Hazelnuts – During World War II, an Italian chocolate-maker named Ferrero couldn’t get enough cocoa, so he mixed in some ground hazelnuts instead. Then he made a soft and creamy version and Nutella was born! Hazelnuts are noted for their high level of monounsaturated fats which can improve cardiovascular health and control type 2 diabetes. They are also rich in the antioxidant vitamin E which may prevent cataracts, macular degeneration, maintain healthy skin and reduce risk of dementia.
Macadamia nuts – The macadamia nut was discovered by British colonists in Australia in 1857. William Herbert Purvis nurtured them and planted them as seedlings on the Big Island of Hawaii in 1882, where one of his original trees is still growing and producing fruit today. Macadamias are the white kernels of a follicle type fruit. A Pennsylvania State University study found that people who added macadamia nuts to their diets reduced their triglyceride, total cholesterol, and LDL cholesterol levels by 10%.
Pecans – The pecan is the only major nut tree that grows naturally in North America. The name “pecan” is a Native American word of Algonquin origin that was used to describe “all nuts requiring a stone to crack.” Early Native American tribes used to produce a fermented intoxicating drink from pecans called “Powcohicora” (where the word “hickory” comes from). A Journal of Nutrition study found that consuming pecans can lower LDL cholesterol levels by as much as 33%. The vitamin E found in pecans may delay progression of degenerative neurological diseases like amyotrophic lateral sclerosis (ALS), also known as Lou Gehrig’s Disease.
Peanuts – Eating peanuts at particularly nerve-wracking points during NASA missions is a long standing tradition at their Jet Propulsion Laboratory that dates back to the Ranger program in 1964. Now they eat peanuts on launch days for good luck! Botanically, these “nuts” are small sized, underground fruit pods and are actually legumes. Peanuts contain high levels of a antioxidant that is thought to reduce the risk of stomach cancer and resveratrol, which helps protect against cancers, heart disease, degenerative nerve disease, Alzheimer’s disease, and viral/fungal infections.
Pine nuts – The effects of pine nuts as an aphrodisiac were well known by the Greeks and Romans. Pliny mentioned them in his book The Loving Arts and a second-century medical practitioner recommended them mixed with honey to relieve “sexual woes.” We are most familiar with pine nuts as one of the ingredients in pesto, along with garlic, basil, and olive oil. Pine nuts are seeds from several varieties of coniferous trees. Pine nuts contain the essential omega-6 fatty acid which triggers the release of hunger-suppressant enzymes and recent research has shown its potential use in weight loss by curbing appetite. They are the richest source of manganese, which helps the body develop resistance against infectious agents and scavenge harmful oxygen-free radicals. Furthermore, pine nuts are one of gluten free tree nuts, and therefore, are a popular ingredient in the preparation of gluten-free diets.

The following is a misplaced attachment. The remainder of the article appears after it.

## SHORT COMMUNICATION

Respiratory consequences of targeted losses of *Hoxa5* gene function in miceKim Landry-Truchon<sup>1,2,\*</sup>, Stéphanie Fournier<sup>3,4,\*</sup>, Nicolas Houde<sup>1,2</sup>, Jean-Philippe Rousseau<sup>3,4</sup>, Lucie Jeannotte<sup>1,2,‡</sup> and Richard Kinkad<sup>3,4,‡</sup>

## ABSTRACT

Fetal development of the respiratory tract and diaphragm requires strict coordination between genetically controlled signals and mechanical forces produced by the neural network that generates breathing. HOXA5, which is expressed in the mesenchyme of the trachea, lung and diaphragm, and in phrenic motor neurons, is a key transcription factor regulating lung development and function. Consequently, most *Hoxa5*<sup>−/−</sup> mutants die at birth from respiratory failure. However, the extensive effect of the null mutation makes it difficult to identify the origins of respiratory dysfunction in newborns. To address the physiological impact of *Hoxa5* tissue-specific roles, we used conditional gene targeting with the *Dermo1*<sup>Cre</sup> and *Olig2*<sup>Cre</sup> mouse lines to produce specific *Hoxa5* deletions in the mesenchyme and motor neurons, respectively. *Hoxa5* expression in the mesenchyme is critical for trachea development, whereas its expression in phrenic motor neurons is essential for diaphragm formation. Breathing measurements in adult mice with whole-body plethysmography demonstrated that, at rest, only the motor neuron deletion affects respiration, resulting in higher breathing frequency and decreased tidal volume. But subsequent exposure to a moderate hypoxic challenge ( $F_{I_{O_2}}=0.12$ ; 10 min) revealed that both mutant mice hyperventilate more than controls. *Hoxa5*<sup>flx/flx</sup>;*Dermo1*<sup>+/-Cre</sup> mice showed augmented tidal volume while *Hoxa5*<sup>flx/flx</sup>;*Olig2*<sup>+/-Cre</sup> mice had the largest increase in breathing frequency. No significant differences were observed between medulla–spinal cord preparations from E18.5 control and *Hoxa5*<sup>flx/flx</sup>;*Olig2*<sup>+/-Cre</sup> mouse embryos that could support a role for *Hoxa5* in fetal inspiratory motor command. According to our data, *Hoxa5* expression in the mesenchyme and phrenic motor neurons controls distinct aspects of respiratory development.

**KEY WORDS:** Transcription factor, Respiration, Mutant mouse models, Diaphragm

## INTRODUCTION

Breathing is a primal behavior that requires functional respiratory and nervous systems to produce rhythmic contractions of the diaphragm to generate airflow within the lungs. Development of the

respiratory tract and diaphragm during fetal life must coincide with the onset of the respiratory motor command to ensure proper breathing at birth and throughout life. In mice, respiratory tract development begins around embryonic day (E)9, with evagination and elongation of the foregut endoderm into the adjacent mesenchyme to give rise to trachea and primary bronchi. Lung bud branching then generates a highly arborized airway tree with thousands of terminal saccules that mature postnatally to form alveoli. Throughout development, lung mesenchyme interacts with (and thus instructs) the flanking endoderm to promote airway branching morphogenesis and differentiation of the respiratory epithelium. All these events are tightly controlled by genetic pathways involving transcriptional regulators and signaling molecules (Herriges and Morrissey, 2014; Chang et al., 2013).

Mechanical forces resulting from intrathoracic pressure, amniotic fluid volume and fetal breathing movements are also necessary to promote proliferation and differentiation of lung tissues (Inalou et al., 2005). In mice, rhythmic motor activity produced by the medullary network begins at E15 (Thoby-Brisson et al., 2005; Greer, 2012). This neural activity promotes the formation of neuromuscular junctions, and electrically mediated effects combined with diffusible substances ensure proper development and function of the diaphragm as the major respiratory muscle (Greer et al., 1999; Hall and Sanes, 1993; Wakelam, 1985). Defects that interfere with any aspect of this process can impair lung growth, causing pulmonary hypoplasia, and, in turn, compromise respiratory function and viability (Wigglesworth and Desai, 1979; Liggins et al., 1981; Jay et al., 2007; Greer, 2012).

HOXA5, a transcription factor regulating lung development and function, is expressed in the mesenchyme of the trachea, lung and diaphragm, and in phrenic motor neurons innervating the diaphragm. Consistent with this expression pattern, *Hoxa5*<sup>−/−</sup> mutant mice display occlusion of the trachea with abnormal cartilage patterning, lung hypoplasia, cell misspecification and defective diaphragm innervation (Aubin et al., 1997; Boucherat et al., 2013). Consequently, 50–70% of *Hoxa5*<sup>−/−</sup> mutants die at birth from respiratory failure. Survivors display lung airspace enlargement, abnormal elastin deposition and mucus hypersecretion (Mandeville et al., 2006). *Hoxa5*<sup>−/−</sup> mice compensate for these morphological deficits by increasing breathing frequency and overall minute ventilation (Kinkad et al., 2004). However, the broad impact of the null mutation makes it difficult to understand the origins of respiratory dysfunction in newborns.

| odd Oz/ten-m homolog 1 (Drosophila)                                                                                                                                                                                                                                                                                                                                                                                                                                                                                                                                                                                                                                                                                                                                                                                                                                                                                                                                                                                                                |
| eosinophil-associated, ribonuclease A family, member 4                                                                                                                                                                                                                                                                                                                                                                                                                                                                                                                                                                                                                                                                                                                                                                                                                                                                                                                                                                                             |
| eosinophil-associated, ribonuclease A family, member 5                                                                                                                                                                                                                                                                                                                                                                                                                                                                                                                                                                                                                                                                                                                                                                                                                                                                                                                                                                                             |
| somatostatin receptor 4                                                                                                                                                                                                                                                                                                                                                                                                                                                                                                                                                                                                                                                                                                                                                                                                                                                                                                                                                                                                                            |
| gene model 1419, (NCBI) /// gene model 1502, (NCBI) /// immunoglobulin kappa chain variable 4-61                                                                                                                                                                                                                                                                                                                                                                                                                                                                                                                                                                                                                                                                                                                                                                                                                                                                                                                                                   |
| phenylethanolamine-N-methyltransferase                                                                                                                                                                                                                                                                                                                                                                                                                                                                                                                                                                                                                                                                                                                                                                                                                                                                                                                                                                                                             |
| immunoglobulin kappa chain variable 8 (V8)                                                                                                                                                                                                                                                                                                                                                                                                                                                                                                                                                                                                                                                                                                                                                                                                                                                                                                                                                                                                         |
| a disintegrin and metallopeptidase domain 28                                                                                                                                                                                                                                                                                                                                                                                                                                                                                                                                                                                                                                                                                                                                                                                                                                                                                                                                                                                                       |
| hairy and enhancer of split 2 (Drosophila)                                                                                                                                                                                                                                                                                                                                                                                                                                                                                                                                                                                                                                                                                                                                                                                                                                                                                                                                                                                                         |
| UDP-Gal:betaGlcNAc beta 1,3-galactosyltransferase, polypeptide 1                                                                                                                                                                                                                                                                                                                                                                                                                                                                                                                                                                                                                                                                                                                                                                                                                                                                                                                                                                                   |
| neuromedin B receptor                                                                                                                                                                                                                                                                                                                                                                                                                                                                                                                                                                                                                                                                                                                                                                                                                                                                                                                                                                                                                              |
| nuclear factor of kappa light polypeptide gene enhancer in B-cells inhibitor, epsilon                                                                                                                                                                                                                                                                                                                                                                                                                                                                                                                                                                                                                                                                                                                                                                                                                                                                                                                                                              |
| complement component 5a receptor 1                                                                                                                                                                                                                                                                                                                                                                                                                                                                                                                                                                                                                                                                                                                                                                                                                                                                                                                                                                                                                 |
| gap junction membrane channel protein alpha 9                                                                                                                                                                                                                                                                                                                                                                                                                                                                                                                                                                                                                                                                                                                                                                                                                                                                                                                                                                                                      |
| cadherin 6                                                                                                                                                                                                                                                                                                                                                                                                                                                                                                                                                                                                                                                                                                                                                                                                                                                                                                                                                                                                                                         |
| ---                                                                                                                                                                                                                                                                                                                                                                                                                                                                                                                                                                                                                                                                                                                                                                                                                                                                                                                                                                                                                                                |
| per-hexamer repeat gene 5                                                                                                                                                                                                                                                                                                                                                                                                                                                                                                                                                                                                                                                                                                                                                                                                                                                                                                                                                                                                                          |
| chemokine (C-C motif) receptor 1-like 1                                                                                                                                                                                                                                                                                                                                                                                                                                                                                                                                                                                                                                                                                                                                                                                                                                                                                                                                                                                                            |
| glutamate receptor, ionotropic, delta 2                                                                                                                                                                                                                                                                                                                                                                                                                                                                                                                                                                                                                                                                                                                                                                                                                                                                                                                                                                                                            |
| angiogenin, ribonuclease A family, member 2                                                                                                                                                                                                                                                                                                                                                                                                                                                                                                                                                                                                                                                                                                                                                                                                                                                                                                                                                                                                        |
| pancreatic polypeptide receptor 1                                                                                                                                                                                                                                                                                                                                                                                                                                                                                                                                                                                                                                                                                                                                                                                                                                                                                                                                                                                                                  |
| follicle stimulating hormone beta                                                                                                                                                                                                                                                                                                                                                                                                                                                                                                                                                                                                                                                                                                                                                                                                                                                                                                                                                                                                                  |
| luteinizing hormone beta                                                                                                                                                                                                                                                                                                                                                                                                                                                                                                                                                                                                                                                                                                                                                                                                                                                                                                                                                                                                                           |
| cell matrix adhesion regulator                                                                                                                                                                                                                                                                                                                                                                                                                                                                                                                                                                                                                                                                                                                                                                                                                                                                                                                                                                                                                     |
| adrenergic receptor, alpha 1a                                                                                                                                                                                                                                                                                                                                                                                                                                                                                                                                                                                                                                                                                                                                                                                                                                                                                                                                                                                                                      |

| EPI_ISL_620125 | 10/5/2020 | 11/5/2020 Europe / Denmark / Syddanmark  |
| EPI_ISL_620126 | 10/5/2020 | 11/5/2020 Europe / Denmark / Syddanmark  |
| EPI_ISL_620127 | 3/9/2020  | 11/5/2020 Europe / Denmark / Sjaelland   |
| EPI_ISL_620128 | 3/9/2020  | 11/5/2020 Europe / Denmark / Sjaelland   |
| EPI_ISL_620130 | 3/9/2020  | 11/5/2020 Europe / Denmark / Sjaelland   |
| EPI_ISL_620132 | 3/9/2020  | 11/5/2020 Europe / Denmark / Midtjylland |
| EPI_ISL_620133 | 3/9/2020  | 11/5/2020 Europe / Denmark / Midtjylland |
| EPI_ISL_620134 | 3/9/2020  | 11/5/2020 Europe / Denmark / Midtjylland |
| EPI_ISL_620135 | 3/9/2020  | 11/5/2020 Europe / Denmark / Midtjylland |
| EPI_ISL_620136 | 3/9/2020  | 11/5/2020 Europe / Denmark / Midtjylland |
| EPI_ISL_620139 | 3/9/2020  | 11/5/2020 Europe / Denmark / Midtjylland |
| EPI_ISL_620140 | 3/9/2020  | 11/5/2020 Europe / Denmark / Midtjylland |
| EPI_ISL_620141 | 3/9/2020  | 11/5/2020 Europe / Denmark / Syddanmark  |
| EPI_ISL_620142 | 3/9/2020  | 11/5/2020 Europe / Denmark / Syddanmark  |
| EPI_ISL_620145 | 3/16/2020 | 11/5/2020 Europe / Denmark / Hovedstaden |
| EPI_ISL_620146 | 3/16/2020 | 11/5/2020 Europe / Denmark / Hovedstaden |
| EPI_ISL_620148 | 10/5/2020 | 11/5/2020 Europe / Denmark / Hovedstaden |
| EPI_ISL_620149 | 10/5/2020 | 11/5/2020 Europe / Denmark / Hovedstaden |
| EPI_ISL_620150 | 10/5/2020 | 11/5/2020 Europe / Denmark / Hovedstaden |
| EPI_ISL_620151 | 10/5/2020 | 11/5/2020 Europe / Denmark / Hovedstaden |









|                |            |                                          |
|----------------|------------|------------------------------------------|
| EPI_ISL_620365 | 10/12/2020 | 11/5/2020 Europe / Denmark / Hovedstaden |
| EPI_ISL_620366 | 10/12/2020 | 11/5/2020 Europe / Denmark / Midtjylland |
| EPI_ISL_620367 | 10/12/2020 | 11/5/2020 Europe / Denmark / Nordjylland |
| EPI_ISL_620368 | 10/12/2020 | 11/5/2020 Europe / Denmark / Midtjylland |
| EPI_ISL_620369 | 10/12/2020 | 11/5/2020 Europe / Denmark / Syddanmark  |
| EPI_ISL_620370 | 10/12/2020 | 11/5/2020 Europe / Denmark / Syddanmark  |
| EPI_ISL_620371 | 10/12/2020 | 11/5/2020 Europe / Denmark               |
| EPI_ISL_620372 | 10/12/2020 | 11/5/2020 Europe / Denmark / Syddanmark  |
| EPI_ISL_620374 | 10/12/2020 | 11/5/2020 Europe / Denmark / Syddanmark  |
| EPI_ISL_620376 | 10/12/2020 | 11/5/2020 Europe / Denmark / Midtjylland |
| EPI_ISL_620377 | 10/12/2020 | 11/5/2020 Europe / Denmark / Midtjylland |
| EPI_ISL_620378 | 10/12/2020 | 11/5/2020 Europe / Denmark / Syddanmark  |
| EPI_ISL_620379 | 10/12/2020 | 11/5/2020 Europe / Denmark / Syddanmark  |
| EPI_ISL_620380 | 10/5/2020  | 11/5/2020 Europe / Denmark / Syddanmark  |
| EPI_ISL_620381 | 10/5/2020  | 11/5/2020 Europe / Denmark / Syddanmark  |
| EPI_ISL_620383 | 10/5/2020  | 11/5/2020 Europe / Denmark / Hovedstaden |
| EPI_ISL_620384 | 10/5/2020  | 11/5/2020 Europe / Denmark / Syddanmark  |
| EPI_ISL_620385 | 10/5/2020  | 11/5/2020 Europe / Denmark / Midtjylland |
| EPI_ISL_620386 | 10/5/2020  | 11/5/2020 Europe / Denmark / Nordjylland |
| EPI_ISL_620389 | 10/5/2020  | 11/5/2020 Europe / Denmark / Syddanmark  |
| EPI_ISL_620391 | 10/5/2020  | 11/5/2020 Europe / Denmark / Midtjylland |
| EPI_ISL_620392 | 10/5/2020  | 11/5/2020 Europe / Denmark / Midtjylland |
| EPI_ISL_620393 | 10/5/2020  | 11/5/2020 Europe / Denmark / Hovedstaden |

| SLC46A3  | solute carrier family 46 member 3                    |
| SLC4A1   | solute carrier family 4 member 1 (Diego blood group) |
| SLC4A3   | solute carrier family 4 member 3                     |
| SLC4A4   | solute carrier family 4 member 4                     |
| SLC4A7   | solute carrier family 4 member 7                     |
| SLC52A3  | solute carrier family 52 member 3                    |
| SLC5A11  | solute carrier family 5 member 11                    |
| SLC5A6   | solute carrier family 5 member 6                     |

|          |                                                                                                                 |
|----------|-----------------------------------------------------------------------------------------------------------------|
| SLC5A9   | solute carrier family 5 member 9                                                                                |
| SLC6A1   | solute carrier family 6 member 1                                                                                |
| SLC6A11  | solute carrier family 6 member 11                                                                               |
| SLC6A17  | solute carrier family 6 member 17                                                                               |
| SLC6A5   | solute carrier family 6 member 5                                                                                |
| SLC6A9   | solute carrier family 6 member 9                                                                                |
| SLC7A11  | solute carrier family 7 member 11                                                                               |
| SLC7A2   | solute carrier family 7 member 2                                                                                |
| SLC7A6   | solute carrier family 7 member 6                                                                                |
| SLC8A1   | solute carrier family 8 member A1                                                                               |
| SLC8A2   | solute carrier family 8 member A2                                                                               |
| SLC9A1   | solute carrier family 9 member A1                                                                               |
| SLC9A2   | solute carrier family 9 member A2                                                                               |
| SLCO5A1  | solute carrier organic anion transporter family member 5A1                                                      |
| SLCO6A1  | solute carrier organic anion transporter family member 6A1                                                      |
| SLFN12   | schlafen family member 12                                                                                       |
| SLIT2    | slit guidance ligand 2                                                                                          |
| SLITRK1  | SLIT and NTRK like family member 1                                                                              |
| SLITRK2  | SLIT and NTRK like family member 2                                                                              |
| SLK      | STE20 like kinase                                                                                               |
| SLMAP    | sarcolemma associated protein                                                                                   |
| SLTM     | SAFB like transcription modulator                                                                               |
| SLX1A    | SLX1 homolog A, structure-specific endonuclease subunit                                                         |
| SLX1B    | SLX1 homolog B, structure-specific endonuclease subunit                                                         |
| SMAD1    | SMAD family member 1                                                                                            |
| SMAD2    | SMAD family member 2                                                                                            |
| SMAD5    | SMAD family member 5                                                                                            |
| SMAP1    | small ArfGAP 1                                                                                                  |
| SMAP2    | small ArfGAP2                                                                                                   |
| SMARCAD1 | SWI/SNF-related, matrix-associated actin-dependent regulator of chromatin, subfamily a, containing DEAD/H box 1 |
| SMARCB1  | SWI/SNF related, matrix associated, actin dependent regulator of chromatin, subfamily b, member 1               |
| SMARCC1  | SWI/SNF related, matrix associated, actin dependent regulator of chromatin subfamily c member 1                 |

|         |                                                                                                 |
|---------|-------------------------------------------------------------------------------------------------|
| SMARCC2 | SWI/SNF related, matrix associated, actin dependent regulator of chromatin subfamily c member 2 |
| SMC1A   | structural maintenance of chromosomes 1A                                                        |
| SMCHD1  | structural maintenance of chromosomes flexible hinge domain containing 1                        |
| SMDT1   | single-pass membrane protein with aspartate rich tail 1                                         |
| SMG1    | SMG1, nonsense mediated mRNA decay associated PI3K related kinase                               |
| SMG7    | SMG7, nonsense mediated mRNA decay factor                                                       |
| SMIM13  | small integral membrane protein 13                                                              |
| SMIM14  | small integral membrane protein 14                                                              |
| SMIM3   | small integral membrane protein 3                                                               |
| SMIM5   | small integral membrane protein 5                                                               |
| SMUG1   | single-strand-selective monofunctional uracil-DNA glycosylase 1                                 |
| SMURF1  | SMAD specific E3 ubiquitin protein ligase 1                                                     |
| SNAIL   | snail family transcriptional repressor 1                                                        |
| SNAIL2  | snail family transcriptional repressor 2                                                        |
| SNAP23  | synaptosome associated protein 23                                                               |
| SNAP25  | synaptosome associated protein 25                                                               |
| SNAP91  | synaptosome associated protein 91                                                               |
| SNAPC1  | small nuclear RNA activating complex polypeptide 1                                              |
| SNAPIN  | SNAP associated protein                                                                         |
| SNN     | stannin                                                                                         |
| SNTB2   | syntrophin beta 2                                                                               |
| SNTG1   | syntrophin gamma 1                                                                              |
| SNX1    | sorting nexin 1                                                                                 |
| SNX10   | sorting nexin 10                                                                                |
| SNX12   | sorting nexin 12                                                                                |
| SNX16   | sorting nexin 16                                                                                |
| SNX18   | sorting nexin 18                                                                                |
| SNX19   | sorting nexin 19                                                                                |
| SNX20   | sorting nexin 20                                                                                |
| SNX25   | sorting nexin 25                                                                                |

Pistachios – Greece has a long-standing tradition of treating pistachios as exclusively royal food. The pistachio honey cake that is famous for its combination of the nut with honey, is said to have originated in the Greek island of Aegina. Greeks celebrate National Pistachio Day with a festival each year. Pistachios are the seeds from a drupe or stone fruit like the almond. The University of Texas M.D. Anderson Cancer Center researchers found that eating just two ounces of pistachios daily may reduce lung cancer risk because they contain an antioxidant that is a form of cancer-fighting vitamin E. They are rich in potassium, essential for healthy nervous system and muscles, and a good source of vitamin B6, which can improve your mood and fortify your immune system.
Walnuts – Walnuts have been linked to love and fertility throughout history and their reputation as an aphrodisiac dates back to ancient Greece and Rome. In addition to containing the most antioxidants of all nuts which help protect your body from the cellular damage that contributes to heart disease, cancer, and premature aging, walnuts are the richest in omega-3 fatty acids which fight inflammation.